Terry Setter
Signature Required: Spring 
  SOS SO–SRSophomore - Senior 16 16 Day S 14Spring This SOS is an opportunity for well-prepared students to do highly independent work in music composition, music technology, audio production, and consciousness studies.  Participants will meet as a group on Thursday mornings to review progress and share ideas for increasing the quantity and quality of the work that students are doing.  Specific descriptions of learning goals and activities will be developed individually between the student and faculty. Terry Setter Thu Sophomore SO Junior JR Senior SR Spring Spring
Gilda Sheppard and Carl Waluconis
  Program FR–SRFreshmen - Senior 8, 16 08 16 Day and Evening Su 14Summer Full This program will explore the role that movement, visual art, music, and media can play in problem solving and in the resolution of internalized fear, conflicts, or blocks.  Through a variety of hands-on activities, field trips, readings, films/video, and guest speakers, students will discover sources of imagery, sound, and movement as tools to awaken their creative problem solving from two perspectives—as creator and viewer.  Students interested in human services, social sciences, media, humanities and education will find this course engaging. This course does not require any prerequisite art classes or training. Gilda Sheppard Carl Waluconis Mon Tue Wed Thu Freshmen FR Sophomore SO Junior JR Senior SR Summer Summer
Naima Lowe, Shaw Osha (Flores), Kathleen Eamon and Joli Sandoz
Signature Required: Fall  Winter  Spring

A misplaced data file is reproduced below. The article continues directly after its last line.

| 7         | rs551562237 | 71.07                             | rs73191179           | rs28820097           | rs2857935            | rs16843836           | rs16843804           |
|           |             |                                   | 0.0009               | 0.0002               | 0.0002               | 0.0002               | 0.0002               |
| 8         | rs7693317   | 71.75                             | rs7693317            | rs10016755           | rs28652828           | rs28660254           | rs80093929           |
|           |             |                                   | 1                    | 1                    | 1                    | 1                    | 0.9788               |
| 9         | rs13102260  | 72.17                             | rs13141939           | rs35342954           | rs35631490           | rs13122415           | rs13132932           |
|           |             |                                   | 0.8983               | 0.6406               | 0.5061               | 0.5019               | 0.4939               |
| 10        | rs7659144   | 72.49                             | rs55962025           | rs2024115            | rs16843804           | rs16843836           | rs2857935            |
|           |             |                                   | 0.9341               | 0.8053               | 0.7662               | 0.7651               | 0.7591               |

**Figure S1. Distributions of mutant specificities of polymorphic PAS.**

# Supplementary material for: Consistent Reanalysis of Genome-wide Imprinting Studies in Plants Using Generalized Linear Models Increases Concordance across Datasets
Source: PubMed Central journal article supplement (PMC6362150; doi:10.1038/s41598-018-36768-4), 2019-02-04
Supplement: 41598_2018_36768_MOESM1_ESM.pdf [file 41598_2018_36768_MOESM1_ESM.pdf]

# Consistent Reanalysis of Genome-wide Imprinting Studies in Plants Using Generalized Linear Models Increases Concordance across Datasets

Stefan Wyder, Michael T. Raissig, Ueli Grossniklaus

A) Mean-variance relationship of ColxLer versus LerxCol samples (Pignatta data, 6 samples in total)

Program SO–SRSophomore - Senior V V Day, Evening and Weekend F 13 Fall W 14Winter S 14Spring This is an opportunity for students to work with faculty from a diverse set of disciplines on creative and scholarly projects. Students will come away with invaluable skills in library and archival research practices, visual arts studio practices, laboratory practices, film/media production practices, critical research and writing, and much more. Critical and Creative Practices is comprised of a diverse group of artists, theorists, scientists, mathematicians, writers, filmmakers and other cultural workers whose interdisciplinary fields of study sit at the crossroads between critical theoretical studies and creative engagement. (social and political philosophy, aesthetics, philosophy of art) has interests in German idealism (Kant and Hegel), historical materialism (Marx, 20 C Marxists, and critical theory), and psychoanalysis (Freud and Lacan). She is currently working on an unorthodox project about Kant and Freud, under the working title “States of Partial Undress: the Fantasy of Sociability.” Students working with Kathleen would have opportunities to join her in her inquiry, learn about and pursue research in the humanities, and critically respond to the project as it comes together. In addition to work in Kantian aesthetics and Freudian dream theory, the project will involve questions about futurity, individual wishes and fantasies, and the possibility of collective and progressive models of sociability and fantasy. (experimental media and performance art) creates films, videos, performances and written works that explore issues of race, gender, and embodiment. The majority of her work includes an archival research element that explores historical social relationships and mythic identities. She is currently working on a series of short films and performances that explore racial identity in rural settings. Students working with Naima would have opportunities to learn media production and post-production skills (including storyboarding, scripting, 16mm and HD video shooting, location scouting, audio recording, audio/video editing, etc) through working with a small crew comprised of students and professional artists. Students would also have opportunities to do archival and historical research on African-Americans living in rural settings, and on literature, film and visual art that deals with similar themes. (visual art) works in painting, photography, drawing, writing and video. She explores issues of visual representation, affect as a desire, social relationships and the conditions that surround us. She is currently working on a project based on questions of soul in artwork. Students working with Shaw would have opportunities to learn about artistic research, critique, grant and statement writing, website design, studio work and concerns in contemporary art making. (creative nonfiction) draws from experience and field, archival and library research to write creative essays about experiences and constructions of place, and about cultural practices of embodiment. She also experiments with juxtapositions of diagrams, images and words, including hand-drawn mapping. Students working with Joli will be able to learn their choice of: critical reading approaches to published works (reading as a writer), online and print research and associated information assessment skills, identifying publishing markets for specific pieces of writing, or discussing and responding to creative nonfiction in draft form (workshopping). Joli’s projects underway include a series of essays on place and aging; an essay on physical achievement and ambition; and a visual/word piece exploring the relationship of the local to the global. Please go to the catalog view for specific information about each option. Naima Lowe Shaw Osha (Flores) Kathleen Eamon Joli Sandoz Sophomore SO Junior JR Senior SR Fall Fall Winter Spring